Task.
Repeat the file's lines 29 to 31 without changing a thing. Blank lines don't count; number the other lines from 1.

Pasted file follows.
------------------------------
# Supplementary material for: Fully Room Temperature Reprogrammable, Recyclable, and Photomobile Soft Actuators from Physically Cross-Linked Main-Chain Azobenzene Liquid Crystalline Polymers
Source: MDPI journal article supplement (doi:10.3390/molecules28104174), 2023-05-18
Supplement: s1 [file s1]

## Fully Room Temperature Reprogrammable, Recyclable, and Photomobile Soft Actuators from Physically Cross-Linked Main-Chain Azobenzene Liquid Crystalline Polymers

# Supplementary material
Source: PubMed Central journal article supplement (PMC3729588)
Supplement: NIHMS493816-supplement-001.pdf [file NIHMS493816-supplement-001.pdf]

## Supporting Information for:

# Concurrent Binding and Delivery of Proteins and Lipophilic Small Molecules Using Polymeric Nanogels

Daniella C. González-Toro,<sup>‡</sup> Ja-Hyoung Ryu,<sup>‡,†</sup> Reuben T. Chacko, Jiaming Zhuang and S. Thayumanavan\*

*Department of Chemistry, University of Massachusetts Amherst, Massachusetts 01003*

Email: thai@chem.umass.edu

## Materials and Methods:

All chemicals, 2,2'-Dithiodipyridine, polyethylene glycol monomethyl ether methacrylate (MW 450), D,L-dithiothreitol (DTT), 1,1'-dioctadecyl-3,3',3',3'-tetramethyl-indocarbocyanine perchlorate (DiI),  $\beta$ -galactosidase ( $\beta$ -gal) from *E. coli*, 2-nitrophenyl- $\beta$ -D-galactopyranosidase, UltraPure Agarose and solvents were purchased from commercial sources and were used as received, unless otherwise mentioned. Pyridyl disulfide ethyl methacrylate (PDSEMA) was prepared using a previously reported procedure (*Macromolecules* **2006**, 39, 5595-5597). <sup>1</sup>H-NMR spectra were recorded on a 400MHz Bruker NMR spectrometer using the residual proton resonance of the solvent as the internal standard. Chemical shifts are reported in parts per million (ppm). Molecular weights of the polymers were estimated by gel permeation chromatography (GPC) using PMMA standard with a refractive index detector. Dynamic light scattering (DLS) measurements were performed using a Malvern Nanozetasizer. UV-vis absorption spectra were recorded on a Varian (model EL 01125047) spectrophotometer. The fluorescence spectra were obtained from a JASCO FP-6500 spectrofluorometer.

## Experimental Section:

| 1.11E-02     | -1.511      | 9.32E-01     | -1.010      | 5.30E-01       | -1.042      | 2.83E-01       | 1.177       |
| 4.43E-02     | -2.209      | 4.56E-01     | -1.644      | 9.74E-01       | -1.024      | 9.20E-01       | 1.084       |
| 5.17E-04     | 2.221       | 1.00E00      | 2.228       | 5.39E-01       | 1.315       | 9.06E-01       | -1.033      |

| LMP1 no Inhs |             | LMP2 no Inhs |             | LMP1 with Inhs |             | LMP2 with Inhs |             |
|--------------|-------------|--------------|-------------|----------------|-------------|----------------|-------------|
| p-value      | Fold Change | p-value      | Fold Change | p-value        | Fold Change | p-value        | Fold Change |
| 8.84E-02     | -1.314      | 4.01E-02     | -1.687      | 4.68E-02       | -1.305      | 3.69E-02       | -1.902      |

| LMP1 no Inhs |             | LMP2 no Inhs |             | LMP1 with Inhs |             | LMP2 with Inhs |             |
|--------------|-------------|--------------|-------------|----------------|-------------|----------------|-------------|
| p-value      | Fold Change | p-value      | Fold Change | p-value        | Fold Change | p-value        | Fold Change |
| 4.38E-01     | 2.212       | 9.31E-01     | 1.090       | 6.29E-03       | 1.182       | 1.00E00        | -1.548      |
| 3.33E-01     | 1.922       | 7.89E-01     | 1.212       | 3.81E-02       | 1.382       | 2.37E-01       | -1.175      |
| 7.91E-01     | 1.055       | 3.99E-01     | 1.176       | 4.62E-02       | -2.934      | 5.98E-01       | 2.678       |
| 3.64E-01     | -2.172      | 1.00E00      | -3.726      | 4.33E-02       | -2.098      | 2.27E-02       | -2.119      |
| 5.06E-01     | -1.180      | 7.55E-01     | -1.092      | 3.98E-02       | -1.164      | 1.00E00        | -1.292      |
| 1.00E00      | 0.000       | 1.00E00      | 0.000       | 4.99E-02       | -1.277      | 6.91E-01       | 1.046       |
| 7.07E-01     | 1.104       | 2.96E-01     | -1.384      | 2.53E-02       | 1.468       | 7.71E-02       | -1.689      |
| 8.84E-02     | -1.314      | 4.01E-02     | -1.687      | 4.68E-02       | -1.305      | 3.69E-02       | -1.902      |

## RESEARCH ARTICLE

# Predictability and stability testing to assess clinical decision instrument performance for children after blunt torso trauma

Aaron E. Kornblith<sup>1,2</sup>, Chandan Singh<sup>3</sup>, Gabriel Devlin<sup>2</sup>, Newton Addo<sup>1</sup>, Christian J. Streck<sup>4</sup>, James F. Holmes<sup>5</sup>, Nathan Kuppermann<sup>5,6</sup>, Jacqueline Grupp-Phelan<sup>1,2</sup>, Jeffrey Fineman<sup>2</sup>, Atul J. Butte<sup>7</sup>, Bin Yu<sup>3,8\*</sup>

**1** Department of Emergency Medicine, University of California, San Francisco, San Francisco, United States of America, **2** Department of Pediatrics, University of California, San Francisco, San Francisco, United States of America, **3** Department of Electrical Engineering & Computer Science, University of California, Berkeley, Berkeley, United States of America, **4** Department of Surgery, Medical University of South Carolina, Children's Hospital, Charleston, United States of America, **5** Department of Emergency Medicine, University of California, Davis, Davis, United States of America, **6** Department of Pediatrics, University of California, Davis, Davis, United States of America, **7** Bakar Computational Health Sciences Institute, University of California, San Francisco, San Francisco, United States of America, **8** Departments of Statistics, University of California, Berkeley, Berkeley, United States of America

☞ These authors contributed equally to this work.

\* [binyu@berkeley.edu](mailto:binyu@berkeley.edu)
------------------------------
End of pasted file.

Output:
| 3.64E-01     | -2.172      | 1.00E00      | -3.726      | 4.33E-02       | -2.098      | 2.27E-02       | -2.119      |
| 5.06E-01     | -1.180      | 7.55E-01     | -1.092      | 3.98E-02       | -1.164      | 1.00E00        | -1.292      |
| 1.00E00      | 0.000       | 1.00E00      | 0.000       | 4.99E-02       | -1.277      | 6.91E-01       | 1.046       |